“Yeah. I guess you don’t,” she agrees flatly, then promptly knocks the lamp off of the nightstand, shattering it.

As she’s on hands and knees picking up the pieces, Abernathy looms over her, asks if she knew Zach Shelby.

“A little,” Norma admits, then amends it to “Not so much” a few seconds later.

Feeling uncomfortable, she says she has to leave immediately to give Norman a ride somewhere.

But Abernathy’s not dumb. “He’s not here. I saw him leave. School, wasn’t it?”

She tries to make her exit, but he grabs the cart to stop her. Then he takes off two towels, as if that was all he wanted. “We’re good for now,” he tells her.

When Blackmailing Backfires

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Norma, who had left Sheriff Romero a message earlier, finally gets in to see him. They’re not quite as chummy as she thought they would be—apparently, just because someone takes the fall for a couple of murders committed by you and your family doesn’t mean you’re BFFs.

After getting a cold stare during her attempt to make small talk, Norma cuts to the chase: When she bought the motel, no one ever mentioned that a bypass was being built that would make her motel obsolete.

“I’m just trying to figure out a way that I can fight this from the inside,” she fishes. Romero is unmoved, so she plows ahead. There’s a seat open on the city planning committee, and she wants Romero to nominate her for it.

“Why would I do that?” he asks, deadpan. Norma was not expecting to meet with resistance.

“Because... I thought you would...” she draws it out, trying to figure out how to word her blackmail attempt. “Because of what we’ve been through. Because we know things about each other,” she says this in a singsongy voice, smiling. The flirtatious act may have worked on Shelby, but Romero isn’t having it.

“We don’t owe each other anything,” he tells her. “We’re not friends. You don’t know me in any social sense. Don’t assume differently just ‘cause I was kind enough to save your ass once.”

Norma drops the act. “The fact is that your deputy was doing all of this right under your nose, and you knew nothing about it.” Romero shuts the door to his office, then turns to Norma.

“Are you trying to say that you have something on me, is that it? Because that really wouldn’t be good for you, okay? I mean, I might have to burn you down to the ground, you know?” he says casually. “Don’t ever try to intimidate me. Don’t walk into my office and ask me for political favors based on nothing. You and I have no connection. We’re not on the same playing field. You don’t know what you’re doing. Go home, Mrs. Bates.”

To cap things off, as Norma is leaving Romero’s office, Norman’s principal calls. They want to discuss Norman’s behavior.

"He is... Emotionally Unusual."

At the Decodys, Norman asks Emma why she told all of the girls that he slept with Bradley.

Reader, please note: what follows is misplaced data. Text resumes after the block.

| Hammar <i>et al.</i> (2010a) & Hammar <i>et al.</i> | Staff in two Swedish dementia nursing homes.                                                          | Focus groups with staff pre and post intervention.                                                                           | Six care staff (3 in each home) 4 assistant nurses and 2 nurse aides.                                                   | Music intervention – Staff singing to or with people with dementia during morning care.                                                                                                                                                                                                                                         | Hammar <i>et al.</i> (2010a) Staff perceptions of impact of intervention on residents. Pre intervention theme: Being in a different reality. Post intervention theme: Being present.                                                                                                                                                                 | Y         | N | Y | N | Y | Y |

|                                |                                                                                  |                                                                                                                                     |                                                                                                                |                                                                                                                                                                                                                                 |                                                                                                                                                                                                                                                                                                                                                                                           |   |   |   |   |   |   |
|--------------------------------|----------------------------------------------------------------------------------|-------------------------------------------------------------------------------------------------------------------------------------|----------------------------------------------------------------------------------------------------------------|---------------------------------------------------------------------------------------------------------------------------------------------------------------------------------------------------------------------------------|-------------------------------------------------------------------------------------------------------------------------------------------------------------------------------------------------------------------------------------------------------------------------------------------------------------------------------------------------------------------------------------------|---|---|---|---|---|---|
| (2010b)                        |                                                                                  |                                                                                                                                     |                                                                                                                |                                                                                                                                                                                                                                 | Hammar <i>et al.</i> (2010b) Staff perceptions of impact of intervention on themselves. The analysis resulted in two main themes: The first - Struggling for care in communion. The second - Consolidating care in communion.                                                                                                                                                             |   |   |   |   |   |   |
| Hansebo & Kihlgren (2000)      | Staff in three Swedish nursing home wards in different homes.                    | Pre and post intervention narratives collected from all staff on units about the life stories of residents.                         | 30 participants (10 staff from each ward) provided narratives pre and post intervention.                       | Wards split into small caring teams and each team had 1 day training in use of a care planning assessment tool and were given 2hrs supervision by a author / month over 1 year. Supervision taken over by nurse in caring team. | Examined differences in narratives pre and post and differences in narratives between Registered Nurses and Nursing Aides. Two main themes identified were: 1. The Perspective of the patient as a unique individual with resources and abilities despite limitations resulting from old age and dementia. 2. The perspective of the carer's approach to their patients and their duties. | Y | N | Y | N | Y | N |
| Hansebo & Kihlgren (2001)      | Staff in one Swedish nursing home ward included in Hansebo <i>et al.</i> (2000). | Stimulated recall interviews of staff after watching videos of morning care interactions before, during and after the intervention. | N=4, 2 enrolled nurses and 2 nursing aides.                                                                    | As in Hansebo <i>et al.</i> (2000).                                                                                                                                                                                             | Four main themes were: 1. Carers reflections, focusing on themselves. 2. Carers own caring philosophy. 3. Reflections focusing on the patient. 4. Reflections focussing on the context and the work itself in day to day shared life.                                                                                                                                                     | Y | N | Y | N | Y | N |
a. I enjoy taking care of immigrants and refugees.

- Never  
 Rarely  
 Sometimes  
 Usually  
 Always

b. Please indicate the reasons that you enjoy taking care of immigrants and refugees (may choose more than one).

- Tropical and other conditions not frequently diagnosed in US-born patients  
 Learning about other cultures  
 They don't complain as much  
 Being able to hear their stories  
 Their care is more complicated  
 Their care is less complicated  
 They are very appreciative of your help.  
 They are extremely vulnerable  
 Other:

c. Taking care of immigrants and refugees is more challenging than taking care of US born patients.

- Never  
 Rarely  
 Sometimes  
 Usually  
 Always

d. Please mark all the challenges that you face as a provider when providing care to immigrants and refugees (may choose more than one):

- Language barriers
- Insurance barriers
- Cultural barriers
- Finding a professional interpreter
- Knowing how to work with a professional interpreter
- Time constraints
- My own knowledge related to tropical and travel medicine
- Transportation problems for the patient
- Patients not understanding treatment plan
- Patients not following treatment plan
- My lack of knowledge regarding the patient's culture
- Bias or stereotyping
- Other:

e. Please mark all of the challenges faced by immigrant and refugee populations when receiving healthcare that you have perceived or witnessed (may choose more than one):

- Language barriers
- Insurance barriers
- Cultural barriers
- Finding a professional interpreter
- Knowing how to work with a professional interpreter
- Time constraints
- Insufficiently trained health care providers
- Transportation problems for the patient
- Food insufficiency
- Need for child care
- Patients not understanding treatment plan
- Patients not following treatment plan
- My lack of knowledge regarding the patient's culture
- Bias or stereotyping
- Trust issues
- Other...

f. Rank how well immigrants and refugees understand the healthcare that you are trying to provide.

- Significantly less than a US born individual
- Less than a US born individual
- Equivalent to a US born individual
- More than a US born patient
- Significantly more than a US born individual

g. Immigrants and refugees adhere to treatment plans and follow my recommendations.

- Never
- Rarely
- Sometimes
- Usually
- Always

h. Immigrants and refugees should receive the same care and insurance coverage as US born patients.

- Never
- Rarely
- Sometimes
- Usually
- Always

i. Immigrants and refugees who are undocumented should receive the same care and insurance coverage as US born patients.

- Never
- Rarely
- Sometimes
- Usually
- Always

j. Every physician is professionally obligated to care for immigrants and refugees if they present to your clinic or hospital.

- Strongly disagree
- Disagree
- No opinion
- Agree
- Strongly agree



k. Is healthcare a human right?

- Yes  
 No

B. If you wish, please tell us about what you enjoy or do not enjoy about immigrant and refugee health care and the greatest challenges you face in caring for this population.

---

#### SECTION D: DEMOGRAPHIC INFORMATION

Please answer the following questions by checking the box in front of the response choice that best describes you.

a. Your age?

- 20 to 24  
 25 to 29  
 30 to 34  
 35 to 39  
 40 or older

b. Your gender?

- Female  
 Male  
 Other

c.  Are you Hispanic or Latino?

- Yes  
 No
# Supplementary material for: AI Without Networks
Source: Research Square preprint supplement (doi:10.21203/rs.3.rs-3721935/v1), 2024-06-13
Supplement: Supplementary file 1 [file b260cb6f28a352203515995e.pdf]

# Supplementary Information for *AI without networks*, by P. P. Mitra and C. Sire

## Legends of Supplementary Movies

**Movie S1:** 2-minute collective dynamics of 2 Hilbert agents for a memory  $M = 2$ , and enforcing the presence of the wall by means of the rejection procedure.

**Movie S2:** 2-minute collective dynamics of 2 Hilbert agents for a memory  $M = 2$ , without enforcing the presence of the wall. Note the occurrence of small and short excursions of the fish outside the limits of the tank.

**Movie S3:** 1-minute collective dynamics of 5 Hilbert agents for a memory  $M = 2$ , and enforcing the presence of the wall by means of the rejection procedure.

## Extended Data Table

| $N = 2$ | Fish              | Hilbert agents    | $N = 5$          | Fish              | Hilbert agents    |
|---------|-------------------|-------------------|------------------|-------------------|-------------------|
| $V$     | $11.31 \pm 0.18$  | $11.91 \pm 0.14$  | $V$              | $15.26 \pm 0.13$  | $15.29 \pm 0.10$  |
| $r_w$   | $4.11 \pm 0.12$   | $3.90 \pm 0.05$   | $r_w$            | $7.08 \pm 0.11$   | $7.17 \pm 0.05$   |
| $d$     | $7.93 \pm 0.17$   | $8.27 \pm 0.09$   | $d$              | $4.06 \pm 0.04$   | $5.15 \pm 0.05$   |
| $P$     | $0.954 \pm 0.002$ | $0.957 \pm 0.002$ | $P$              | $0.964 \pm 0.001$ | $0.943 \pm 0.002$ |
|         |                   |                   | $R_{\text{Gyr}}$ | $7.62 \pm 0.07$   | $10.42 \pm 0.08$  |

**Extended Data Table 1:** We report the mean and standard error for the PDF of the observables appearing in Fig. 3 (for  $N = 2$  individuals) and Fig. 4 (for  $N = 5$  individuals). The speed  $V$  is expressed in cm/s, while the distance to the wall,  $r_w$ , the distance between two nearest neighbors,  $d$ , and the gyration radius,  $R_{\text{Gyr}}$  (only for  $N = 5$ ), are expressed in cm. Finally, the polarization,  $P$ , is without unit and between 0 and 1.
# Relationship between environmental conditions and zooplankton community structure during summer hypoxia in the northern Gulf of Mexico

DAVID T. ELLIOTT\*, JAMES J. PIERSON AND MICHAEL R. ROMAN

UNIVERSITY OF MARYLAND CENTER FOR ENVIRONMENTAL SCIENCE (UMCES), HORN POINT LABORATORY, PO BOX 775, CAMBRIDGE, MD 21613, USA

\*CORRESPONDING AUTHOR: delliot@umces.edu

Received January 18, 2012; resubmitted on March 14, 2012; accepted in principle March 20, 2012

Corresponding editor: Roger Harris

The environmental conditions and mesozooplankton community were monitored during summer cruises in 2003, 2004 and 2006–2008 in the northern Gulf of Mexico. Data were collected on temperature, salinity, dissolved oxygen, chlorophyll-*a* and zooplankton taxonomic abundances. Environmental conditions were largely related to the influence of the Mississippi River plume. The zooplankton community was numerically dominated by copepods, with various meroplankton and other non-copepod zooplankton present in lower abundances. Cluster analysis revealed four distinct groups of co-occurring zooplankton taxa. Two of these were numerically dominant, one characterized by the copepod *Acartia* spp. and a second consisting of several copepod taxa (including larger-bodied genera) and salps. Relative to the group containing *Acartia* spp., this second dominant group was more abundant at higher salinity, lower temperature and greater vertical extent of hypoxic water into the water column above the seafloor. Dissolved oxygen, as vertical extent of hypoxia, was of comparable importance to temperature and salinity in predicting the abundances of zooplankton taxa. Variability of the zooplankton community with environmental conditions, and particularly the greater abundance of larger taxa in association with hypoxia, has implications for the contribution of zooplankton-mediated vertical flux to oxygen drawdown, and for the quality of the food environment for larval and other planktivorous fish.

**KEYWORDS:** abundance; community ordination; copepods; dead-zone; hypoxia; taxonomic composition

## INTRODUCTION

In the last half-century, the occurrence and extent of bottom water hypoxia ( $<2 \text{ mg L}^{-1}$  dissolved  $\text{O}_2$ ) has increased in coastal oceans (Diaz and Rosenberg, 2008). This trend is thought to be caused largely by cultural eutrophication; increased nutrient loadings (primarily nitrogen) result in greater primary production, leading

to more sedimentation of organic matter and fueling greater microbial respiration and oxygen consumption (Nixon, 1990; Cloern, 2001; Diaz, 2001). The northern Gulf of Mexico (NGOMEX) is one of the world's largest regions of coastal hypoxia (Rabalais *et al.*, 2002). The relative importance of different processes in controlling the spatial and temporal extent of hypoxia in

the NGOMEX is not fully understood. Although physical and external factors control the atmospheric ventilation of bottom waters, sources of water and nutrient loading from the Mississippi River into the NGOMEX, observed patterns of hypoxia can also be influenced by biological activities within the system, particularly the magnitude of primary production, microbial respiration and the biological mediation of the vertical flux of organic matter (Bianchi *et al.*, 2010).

“It just came up. Sort of,” she says. “I’m sorry.”

For his part, Norman seems fine with that. “Don’t ever tell anyone something I tell you in confidence again, okay?” he says, and it’s a totally calm, rational Norman. Emma agrees, and that’s that.

If only things were going that well during Norma's meeting at school. Norman, it turns out, is going to be suspended for three days. (Is that normal?)

Covering for him, as usual, Norma says that he just wasn’t feeling well.

Miss Watson recounts her version of what happened, saying she put her hand on his arm to lead him back in when he pulled it away “pretty violently.”

“Are you supposed to be putting your hands on the students?” Norma retaliates.

Getting back to the point, the principal says they’re concerned about Norman’s “emotional instability.” They want him to speak to the school psychologist.

“I don’t know if I want him to be doing that,” Norma sighs. When the principal asks her why, she has to stop and think. “I think that he should see a private psychologist. I would like to choose the therapist.”

Miss Watson and Mr. Hudgins think that would be fine, but they’d like the name of the therapist when she gets it. “Mmmhmm, sure,” Norma says, getting up to leave. “Mmmhmm. Okay! Of course. Absolutely. I’ll keep in touch.” She cannot get out the door fast enough, and when she does, she leans against it and swallows hard.

The Dylan and Remo Show

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Remo and Dylan are hanging out at “Mike’s Bar" on their way to retrieve the trimmers. Trimmers, it turns out, are the guys who trim and process the weed in preparation for the final product. (There, you learned something today.)

Remo’s pretty drunk. “Twenty-three years of experience and here I am working for you,” he slurs.

Dylan calls him a pathetic, self-destructive loser, and of course, a fight ensues. Dharma beer bottles get shattered. Yep—it’s not stylized with the traditional black and white logo from Lost, but it’s definitely Dharma beer.